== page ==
Hunt announced in May that he was resigning at the end of August as pastor of First Baptist Church to devote himself full time to a seminar-and-consulting ministry he started in 2001.

Hunt declined to discuss whether the tragedy might alter those plans, but he did pledge that the associate pastor "can focus all his energy on being a father and being a husband" and that youth minister Jason Matlack would be allowed to recover from serious injuries he sustained in the crash.

"I am present and accounted for, and I'm the senior pastor of First Baptist," Hunt said.

"This church needs me to be fully present and accounted for and I intend to be," he said. "We're going to make sure that everything is under control and good solid leadership remains unbroken."

The family of Maggie Lee Henson set up a page on an Internet service called Caring Bridge to consolidate updates on her condition. Her father said on Facebook early July 14 that the top priority now is for brain swelling to go down. 

First Baptist Church held a midday prayer vigil July 14 for Henson and other victims and their families.


Bob Allen is senior writer for Associated Baptist Press.

Previous ABP articles:

Pastor says National Guard saved lives following wreck of church bus

Church bus headed toward Passport overturns, killing teen
7/15/2009 1:09:00 AM by Bob Allen, Associated Baptist Press | with 0 comments

Ministry reaches inmates with Bibles, books

July 14 2009 by Steve DeVane, BR Managing Editor

Kathleen Skaar doesn’t remember who made the suggestion, but the idea changed the ministry of Christian Library International (CLI).

CLI had been distributing books in various locations — YMCAs, nursing homes and the like. The ministry had some extra books and workers were trying to decide what to do with them when someone suggested that prison chaplains might like them to give to prisoners.

Skaar is director of CLI, which is located in a wing of Hillcrest Baptist Church in Raleigh.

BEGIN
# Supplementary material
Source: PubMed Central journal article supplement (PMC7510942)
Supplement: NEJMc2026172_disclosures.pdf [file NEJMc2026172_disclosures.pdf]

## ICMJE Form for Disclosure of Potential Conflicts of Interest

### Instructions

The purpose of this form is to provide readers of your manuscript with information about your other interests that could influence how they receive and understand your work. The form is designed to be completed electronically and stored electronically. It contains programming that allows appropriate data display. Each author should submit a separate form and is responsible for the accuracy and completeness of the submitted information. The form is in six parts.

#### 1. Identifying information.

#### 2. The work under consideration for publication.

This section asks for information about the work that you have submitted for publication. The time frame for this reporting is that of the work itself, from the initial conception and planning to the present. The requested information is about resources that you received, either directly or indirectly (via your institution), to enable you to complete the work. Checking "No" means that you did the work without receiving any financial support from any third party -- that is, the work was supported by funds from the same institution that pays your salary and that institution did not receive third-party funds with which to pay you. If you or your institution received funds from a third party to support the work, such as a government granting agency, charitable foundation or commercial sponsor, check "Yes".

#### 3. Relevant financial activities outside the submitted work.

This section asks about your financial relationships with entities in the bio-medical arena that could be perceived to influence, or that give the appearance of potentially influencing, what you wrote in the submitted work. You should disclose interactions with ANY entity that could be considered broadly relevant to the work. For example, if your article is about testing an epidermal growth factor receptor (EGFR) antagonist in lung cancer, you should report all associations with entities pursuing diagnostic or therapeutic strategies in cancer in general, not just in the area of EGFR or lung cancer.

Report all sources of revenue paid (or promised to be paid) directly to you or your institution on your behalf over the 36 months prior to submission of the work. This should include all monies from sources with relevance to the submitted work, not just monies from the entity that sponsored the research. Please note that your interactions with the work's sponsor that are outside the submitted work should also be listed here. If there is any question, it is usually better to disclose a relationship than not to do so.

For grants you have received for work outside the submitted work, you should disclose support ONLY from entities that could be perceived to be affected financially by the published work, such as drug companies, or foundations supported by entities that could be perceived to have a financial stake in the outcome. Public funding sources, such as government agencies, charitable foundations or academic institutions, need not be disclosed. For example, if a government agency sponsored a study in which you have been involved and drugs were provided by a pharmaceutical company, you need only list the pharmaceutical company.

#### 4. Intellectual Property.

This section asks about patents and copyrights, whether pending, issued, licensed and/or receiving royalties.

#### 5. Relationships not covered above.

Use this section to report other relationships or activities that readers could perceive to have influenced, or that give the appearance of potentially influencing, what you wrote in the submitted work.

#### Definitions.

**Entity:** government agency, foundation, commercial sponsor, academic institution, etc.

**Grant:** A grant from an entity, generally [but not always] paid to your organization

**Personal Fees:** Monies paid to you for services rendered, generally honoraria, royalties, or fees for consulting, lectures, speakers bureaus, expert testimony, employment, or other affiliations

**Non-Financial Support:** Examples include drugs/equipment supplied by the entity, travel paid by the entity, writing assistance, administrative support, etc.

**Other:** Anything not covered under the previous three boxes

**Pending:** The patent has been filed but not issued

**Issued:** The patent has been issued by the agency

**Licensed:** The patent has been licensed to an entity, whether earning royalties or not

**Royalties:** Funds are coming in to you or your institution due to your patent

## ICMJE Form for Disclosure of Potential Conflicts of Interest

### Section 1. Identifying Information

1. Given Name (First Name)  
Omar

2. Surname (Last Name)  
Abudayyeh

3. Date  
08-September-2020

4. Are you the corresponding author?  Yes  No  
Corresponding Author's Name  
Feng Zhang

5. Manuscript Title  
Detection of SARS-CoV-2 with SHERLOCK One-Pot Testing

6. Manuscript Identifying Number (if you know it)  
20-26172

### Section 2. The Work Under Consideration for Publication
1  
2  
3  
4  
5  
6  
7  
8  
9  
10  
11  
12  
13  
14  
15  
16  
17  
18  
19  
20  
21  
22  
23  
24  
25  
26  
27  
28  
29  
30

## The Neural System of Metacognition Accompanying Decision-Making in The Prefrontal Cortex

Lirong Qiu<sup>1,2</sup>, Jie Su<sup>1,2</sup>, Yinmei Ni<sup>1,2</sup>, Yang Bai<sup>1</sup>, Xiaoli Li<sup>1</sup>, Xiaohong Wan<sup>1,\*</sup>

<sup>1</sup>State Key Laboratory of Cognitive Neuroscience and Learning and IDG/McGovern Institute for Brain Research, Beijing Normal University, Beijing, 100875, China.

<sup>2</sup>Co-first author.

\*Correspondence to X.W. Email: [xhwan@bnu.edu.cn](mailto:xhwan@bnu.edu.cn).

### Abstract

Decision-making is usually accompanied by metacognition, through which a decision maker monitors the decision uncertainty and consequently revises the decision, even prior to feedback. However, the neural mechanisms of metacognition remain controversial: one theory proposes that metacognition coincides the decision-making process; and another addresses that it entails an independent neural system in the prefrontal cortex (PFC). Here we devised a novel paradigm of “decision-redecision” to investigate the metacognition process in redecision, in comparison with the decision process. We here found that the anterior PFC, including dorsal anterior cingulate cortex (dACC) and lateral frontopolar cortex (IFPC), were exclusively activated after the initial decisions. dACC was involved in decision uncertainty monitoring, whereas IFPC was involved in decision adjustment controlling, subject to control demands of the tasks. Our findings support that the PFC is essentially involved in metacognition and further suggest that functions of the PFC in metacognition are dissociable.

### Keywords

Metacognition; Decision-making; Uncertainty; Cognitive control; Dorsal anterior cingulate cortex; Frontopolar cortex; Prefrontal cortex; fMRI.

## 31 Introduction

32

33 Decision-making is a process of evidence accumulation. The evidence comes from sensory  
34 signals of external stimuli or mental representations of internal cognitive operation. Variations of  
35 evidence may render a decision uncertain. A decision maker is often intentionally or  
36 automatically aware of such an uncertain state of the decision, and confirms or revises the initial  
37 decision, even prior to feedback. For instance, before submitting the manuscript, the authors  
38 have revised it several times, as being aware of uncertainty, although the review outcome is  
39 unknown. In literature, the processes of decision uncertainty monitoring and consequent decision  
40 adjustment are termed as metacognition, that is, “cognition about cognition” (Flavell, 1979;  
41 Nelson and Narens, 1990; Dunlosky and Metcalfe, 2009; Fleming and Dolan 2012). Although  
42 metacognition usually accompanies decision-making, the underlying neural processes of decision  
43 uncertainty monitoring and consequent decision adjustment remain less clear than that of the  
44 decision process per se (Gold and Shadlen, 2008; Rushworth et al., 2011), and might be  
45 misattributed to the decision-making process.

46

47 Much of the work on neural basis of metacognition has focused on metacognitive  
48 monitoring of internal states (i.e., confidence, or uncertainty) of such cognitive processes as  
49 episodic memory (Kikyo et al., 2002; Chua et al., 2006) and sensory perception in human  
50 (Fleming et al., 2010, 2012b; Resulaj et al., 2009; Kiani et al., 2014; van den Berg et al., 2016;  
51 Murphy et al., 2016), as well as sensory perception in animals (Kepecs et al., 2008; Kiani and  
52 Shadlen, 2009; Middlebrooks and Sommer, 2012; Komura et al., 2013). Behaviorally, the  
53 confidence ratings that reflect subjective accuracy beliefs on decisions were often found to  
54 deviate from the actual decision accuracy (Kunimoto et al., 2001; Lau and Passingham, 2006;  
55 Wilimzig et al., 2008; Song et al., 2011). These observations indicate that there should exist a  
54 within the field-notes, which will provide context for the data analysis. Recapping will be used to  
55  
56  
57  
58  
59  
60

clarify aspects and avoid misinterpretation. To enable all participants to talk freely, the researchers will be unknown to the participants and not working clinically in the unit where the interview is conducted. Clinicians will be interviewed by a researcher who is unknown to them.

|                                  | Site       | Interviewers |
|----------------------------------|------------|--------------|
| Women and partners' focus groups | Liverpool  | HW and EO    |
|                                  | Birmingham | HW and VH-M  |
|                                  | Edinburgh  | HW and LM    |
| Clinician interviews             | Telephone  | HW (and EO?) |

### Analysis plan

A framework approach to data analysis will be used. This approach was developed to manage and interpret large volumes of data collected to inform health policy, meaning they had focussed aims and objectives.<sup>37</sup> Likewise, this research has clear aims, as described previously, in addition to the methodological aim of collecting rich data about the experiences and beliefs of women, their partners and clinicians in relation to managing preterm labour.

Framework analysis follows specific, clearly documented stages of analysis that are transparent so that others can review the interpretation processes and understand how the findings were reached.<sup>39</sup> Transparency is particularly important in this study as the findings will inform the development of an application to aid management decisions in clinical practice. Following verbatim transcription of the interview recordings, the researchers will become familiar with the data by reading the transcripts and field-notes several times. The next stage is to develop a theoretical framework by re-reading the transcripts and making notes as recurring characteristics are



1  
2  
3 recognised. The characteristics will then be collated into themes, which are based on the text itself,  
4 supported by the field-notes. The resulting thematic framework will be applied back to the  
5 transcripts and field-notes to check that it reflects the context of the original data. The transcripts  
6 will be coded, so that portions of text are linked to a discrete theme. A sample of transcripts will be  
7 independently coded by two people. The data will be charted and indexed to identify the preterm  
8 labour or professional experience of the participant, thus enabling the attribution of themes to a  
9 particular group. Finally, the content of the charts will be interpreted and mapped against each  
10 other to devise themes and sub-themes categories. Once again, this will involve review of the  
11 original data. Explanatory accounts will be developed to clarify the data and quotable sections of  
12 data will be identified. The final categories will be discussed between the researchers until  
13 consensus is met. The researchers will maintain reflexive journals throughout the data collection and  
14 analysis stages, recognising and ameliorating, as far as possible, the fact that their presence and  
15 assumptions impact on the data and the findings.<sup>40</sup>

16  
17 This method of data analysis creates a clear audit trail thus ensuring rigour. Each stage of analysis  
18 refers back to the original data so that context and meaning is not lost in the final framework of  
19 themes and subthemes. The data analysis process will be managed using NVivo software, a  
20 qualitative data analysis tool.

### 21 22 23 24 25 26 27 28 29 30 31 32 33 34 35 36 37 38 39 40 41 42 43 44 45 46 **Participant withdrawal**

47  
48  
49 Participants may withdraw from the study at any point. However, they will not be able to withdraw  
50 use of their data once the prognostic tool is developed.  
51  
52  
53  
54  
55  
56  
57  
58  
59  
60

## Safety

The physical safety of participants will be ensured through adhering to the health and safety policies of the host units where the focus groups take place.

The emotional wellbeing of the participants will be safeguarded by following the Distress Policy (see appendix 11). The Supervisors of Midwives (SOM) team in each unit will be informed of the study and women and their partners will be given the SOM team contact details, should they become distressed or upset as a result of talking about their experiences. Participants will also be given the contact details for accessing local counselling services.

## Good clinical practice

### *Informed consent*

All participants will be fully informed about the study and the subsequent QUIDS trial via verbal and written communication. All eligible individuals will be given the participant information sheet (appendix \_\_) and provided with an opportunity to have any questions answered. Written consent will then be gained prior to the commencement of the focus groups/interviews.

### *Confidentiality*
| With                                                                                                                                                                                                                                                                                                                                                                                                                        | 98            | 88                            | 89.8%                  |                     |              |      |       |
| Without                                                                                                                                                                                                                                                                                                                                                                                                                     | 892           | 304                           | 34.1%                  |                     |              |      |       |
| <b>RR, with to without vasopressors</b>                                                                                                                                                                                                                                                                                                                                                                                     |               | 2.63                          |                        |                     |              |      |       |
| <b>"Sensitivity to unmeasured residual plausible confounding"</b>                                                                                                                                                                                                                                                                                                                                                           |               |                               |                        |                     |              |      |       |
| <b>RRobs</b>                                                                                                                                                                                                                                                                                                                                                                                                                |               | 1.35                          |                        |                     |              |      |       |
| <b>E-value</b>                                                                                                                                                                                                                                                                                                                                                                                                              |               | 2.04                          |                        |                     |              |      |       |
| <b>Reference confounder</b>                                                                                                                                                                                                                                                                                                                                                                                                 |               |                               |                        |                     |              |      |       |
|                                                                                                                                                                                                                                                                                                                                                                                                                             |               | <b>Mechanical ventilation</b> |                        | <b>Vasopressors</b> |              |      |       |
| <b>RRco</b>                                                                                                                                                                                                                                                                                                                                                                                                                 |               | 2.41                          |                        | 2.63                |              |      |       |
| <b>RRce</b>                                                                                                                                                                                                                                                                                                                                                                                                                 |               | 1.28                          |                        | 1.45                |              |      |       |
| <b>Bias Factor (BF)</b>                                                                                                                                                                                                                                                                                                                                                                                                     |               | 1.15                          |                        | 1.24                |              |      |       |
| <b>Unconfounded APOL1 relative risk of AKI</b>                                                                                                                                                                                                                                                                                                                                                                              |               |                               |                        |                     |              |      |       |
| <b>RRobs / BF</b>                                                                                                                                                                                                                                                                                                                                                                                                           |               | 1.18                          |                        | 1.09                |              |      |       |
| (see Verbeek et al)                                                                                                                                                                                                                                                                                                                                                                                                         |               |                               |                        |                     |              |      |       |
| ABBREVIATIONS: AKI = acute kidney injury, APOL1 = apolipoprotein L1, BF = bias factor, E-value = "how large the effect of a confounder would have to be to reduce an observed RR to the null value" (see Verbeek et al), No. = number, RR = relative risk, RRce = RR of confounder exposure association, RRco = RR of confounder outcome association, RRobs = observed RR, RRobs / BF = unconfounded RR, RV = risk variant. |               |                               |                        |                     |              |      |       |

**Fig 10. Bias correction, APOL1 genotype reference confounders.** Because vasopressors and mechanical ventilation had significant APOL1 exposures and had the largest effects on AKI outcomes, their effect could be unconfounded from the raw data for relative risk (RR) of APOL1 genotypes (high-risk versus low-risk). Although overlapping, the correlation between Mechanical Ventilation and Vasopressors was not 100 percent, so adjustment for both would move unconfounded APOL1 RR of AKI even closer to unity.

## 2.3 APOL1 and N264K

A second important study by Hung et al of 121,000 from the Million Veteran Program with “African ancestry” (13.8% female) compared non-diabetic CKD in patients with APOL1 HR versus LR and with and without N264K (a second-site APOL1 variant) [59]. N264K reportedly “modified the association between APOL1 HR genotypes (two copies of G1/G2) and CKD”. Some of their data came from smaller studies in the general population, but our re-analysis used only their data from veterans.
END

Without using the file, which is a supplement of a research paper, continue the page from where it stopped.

She said prison chaplains told her the books were “answers to prayer.”

“They were just thrilled,” she said. “Some chaplains said they’d been praying for years and years.”

BR photo by Steve DeVane

Kathleen and Anders Skaar work with more than 1,000 prisons to provide inmates with Bibles and other Christian literature.

The ministry had clearly found a need.

“Almost immediately we started getting letters and testimonies from inmates,” Skaar said.

She likened the experience to the admonition in the “Experiencing God” discipleship series to find where God is working and join Him there.

“It was so dramatic where God was working,” Skaar said.

Now CLI is totally focused on prison ministry.

“That’s where we are and that’s where we’ll stay unless God tells us otherwise,” she said.

Faith finds hunger
Skaar said the CLI story begins with her testimony. She grew up in church, but had no personal relationship with Jesus Christ until she attended a retreat in Raleigh in 1995 when she prayed to invite Jesus into her life.

Her life changed. It wasn’t dramatic, she said, but inside she had a thirst and hunger to know God. She read the Bible and Christian books.

“God would just bring the right book to me every time I had a question,” Skaar said.

She thought it would be great if other people had Christian books when they needed them.

“I just wanted to get books in people’s hands,” she said.

In 1996, CLI was born. Skaar’s husband, Anders, joined the ministry full-time in 2002 as mission director.

Now, CLI has sent more than 300,000 books to more than 1,000 prisons and detention centers.

The ministry has sent books to at least one facility in every state and to 88 in North Carolina.

“They go out like missionaries into the prisons,” Skaar said.

Last year, the ministry received more than 2,500 letters from inmates.

“We decided not to let anyone fall through the cracks so we do answer every letter,” she said. Volunteers write letters to the inmates.

“It’s without a doubt the most rewarding volunteer work I’ve ever done,” said Carol Weathersbee, a member at Hillcrest who writes letters.

Norman Beckham, who retired after more than 30 years as an international and North American missionary and was pastor at Hillcrest for six years, also helps at CLI. He said he is impressed by the Skaars and CLI.